How Does the Dream and Promise Act Work?

The Dream and Promise Act of 2019 seeks to protect Dreamers and immigrants eligible for TPS and DED from deportation by allowing them to become legal permanent residents, and if they qualify, eventually citizens. The bill builds upon the DREAM Act of 2017, but now also includes safeguards for TPS and DED recipients who have been newly targeted by the Trump administration. 

How the Bill Protects Dreamers

If signed into law, the bill would initially make Dreamers (including those who were eligible for DACA but did not receive it) eligible for conditional permanent resident status for up to ten years. Conditional permanent residency grants the same rights of a typical green card holder, so long as the recipient maintains their admissibility. These rights include eligibility to work in the US and open a business, the ability to obtain a social security card and driver’s license in all states, access to in-state tuition for higher education, and permission to freely travel abroad.6 Applicants would qualify for conditional permanent residency if they:

  • Were 17 or younger when they entered the United States;
  • Were continuously present in the US for four years before the date the bill is enacted;
  • Haven’t been convicted of a serious crime or terrorism;
  • Have obtained or are obtaining a high school diploma, GED, or industry credential; and
  • Submit an application fee, pass security and law enforcement background checks, and register for selective service (if applicable).7

After receiving conditional permanent residency, Dreamers can then apply for full lawful permanent resident status, commonly referred to as a green card, as soon as they’ve:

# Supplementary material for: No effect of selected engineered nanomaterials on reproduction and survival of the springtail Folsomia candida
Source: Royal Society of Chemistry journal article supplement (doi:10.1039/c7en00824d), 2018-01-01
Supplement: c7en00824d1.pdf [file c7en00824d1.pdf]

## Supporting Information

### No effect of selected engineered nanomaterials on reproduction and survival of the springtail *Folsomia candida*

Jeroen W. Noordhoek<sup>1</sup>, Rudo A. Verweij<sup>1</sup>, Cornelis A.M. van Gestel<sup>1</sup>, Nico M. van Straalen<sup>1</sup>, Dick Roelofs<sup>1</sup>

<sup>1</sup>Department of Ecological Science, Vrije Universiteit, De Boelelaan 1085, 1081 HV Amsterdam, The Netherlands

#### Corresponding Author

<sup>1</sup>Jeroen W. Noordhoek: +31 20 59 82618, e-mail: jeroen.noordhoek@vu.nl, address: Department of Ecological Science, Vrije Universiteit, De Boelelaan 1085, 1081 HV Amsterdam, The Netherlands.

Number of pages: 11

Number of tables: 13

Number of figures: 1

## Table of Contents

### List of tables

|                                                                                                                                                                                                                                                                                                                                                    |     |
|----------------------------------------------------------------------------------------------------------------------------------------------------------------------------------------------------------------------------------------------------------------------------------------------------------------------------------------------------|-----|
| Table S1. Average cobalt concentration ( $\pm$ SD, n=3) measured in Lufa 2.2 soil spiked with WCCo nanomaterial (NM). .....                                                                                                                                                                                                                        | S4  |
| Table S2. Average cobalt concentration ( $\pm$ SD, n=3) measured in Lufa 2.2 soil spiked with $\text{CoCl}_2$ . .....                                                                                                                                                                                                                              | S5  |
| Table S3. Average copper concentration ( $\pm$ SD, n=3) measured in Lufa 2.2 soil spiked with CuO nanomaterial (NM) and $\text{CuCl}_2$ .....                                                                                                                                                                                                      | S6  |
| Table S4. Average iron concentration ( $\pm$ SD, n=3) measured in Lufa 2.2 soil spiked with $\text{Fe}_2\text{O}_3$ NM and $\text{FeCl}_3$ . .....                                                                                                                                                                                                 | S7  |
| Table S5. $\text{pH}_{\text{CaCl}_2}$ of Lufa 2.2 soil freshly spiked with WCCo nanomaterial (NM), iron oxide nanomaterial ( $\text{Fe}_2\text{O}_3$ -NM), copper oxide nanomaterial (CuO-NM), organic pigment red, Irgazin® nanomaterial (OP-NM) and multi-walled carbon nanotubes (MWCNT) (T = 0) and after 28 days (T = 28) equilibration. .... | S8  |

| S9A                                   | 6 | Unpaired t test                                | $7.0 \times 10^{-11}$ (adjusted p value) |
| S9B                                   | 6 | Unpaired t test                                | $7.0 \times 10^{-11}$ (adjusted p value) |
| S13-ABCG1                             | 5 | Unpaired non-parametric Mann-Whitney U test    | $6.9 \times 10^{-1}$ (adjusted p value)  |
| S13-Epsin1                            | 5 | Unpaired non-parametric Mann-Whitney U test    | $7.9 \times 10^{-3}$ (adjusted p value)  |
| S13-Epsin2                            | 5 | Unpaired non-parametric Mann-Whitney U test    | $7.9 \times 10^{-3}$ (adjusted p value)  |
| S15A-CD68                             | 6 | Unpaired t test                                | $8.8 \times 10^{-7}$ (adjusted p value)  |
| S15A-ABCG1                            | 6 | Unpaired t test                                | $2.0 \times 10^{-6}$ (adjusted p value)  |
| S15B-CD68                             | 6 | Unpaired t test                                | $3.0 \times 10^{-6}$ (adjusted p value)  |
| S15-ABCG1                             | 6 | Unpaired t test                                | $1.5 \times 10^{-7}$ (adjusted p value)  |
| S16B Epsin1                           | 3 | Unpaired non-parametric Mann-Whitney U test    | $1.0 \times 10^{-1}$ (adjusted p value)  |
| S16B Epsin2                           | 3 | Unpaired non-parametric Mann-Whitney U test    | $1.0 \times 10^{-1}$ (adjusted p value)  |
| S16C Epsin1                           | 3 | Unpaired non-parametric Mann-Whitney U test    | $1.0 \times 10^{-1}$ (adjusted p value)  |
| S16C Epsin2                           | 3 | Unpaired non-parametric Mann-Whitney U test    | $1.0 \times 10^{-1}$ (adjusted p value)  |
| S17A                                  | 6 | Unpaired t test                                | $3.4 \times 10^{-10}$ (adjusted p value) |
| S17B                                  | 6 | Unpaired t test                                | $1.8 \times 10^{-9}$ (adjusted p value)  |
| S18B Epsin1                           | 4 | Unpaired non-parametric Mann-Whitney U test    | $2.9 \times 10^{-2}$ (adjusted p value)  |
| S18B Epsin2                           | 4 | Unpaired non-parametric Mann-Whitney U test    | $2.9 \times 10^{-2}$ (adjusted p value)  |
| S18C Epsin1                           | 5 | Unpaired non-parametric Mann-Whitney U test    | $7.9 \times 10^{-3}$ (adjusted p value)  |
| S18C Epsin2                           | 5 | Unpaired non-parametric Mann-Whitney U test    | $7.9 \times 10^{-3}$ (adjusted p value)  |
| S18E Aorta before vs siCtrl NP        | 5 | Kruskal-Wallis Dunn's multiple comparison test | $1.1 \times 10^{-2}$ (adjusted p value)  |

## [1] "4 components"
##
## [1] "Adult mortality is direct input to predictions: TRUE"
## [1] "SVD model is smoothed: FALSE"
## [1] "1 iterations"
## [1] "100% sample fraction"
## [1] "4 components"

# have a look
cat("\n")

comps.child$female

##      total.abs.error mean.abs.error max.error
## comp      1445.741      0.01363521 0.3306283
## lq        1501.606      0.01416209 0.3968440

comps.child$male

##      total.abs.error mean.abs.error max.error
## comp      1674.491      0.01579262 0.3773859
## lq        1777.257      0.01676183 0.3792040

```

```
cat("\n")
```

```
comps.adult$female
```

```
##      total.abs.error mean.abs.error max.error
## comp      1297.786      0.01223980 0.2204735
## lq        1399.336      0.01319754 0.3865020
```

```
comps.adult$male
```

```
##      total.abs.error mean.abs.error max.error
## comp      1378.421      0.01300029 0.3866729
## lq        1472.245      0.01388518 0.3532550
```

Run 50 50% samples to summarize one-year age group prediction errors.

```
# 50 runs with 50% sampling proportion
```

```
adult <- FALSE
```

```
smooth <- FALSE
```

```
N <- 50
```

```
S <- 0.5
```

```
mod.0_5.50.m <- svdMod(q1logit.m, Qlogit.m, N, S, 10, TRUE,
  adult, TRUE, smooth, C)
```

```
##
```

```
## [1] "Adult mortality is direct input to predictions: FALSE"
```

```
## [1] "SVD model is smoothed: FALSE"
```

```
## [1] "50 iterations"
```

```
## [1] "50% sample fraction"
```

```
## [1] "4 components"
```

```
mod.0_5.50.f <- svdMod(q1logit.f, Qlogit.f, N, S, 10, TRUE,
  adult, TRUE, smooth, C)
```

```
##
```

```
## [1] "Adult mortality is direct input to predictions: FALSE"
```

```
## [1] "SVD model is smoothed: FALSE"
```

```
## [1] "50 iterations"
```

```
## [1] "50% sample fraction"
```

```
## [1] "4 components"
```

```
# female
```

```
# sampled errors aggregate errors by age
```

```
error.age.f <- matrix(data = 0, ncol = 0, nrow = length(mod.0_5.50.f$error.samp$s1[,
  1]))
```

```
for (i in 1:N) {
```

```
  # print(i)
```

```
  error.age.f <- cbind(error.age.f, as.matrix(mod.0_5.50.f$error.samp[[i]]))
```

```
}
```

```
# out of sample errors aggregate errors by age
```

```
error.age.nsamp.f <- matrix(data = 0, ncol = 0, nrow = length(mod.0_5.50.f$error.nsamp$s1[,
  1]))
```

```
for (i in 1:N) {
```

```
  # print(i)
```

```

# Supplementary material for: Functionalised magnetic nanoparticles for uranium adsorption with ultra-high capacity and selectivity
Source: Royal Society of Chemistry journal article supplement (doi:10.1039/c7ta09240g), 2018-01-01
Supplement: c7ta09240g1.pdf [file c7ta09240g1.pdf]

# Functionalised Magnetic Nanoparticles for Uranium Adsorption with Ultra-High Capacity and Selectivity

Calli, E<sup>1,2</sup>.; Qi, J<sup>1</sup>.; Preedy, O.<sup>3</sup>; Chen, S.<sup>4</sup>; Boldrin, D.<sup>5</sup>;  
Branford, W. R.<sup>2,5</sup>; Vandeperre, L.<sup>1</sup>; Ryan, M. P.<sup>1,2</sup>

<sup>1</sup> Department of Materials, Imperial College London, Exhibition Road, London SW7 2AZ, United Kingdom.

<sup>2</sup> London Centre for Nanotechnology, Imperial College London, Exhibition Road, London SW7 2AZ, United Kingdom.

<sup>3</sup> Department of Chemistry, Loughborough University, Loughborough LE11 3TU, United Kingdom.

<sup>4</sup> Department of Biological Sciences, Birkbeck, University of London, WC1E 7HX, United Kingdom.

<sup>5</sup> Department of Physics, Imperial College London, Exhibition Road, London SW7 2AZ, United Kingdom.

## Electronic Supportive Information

• Obtained a degree from a higher education institute or completed at least two years in a bachelor’s or post-secondary level program in the US;
  • Completed two years of military service, with an honorable discharge (if applicable); or
  • Worked for a total of at least three years, with employment authorization for at least 75% of that time.8

Once Dreamers have lawful permanent residency, they can apply for citizenship using the same process afforded to all other green card holders. The bill, if signed into law, ensures that those who were brought here as children through no fault of their own and have only known this country as their home are able to continue growing, learning, and working within the communities to which they already contribute.

How the Bill Protects TPS and DED Recipients

The bill protects TPS and DED recipients by canceling any pending removal proceedings and allowing them to apply directly for lawful permanent residence if they:

  • Have lived in the United States for at least three years;
  • Were eligible for or had TPS status on September 25, 2016, or DED status on September 28, 2016; and
  • Have not been convicted of a serious crime or terrorism.9

And just like with Dreamers, former TPS and DED recipients would be eligible for citizenship through the same path and length of time as any other legal permanent resident. Additionally, those who were removed from the country by the Trump administration before the bill’s enactment would be eligible to return with a green card if they met the above requirements. This would ensure that longtime residents of the US are able to remain in their communities.